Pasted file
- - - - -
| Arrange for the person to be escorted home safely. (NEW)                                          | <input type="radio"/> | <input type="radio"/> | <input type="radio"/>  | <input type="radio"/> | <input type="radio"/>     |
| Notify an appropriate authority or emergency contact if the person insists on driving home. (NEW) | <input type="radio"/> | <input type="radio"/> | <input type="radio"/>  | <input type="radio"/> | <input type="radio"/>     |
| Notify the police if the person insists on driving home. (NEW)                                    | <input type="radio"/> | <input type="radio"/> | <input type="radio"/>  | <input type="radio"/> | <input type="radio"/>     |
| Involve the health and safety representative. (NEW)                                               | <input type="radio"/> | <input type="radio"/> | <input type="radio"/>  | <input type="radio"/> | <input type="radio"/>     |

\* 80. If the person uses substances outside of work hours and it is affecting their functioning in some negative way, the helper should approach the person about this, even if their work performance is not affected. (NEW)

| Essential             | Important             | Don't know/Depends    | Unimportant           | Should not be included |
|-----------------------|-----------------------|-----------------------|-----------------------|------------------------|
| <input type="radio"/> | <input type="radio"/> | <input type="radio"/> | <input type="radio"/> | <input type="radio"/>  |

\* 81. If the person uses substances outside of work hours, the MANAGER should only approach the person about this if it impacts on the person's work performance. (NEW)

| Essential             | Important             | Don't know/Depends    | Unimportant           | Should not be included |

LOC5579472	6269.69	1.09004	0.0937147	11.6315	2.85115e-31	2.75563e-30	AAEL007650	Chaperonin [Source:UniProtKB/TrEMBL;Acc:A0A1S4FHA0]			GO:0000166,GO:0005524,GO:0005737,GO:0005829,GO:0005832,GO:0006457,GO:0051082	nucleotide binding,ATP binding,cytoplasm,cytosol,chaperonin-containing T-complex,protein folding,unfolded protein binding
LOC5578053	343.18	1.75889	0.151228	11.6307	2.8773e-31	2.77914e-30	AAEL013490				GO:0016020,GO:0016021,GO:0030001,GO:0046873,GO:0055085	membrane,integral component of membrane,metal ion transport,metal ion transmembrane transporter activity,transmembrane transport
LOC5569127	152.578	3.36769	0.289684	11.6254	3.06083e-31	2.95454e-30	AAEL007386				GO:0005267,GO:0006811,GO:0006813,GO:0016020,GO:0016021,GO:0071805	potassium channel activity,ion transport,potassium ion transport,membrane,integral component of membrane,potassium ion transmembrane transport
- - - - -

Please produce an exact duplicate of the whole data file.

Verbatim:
| Arrange for the person to be escorted home safely. (NEW)                                          | <input type="radio"/> | <input type="radio"/> | <input type="radio"/>  | <input type="radio"/> | <input type="radio"/>     |
| Notify an appropriate authority or emergency contact if the person insists on driving home. (NEW) | <input type="radio"/> | <input type="radio"/> | <input type="radio"/>  | <input type="radio"/> | <input type="radio"/>     |
| Notify the police if the person insists on driving home. (NEW)                                    | <input type="radio"/> | <input type="radio"/> | <input type="radio"/>  | <input type="radio"/> | <input type="radio"/>     |
| Involve the health and safety representative. (NEW)                                               | <input type="radio"/> | <input type="radio"/> | <input type="radio"/>  | <input type="radio"/> | <input type="radio"/>     |

\* 80. If the person uses substances outside of work hours and it is affecting their functioning in some negative way, the helper should approach the person about this, even if their work performance is not affected. (NEW)

| Essential             | Important             | Don't know/Depends    | Unimportant           | Should not be included |
|-----------------------|-----------------------|-----------------------|-----------------------|------------------------|
| <input type="radio"/> | <input type="radio"/> | <input type="radio"/> | <input type="radio"/> | <input type="radio"/>  |

\* 81. If the person uses substances outside of work hours, the MANAGER should only approach the person about this if it impacts on the person's work performance. (NEW)

| Essential             | Important             | Don't know/Depends    | Unimportant           | Should not be included |

LOC5579472	6269.69	1.09004	0.0937147	11.6315	2.85115e-31	2.75563e-30	AAEL007650	Chaperonin [Source:UniProtKB/TrEMBL;Acc:A0A1S4FHA0]			GO:0000166,GO:0005524,GO:0005737,GO:0005829,GO:0005832,GO:0006457,GO:0051082	nucleotide binding,ATP binding,cytoplasm,cytosol,chaperonin-containing T-complex,protein folding,unfolded protein binding
LOC5578053	343.18	1.75889	0.151228	11.6307	2.8773e-31	2.77914e-30	AAEL013490				GO:0016020,GO:0016021,GO:0030001,GO:0046873,GO:0055085	membrane,integral component of membrane,metal ion transport,metal ion transmembrane transporter activity,transmembrane transport
LOC5569127	152.578	3.36769	0.289684	11.6254	3.06083e-31	2.95454e-30	AAEL007386				GO:0005267,GO:0006811,GO:0006813,GO:0016020,GO:0016021,GO:0071805	potassium channel activity,ion transport,potassium ion transport,membrane,integral component of membrane,potassium ion transmembrane transport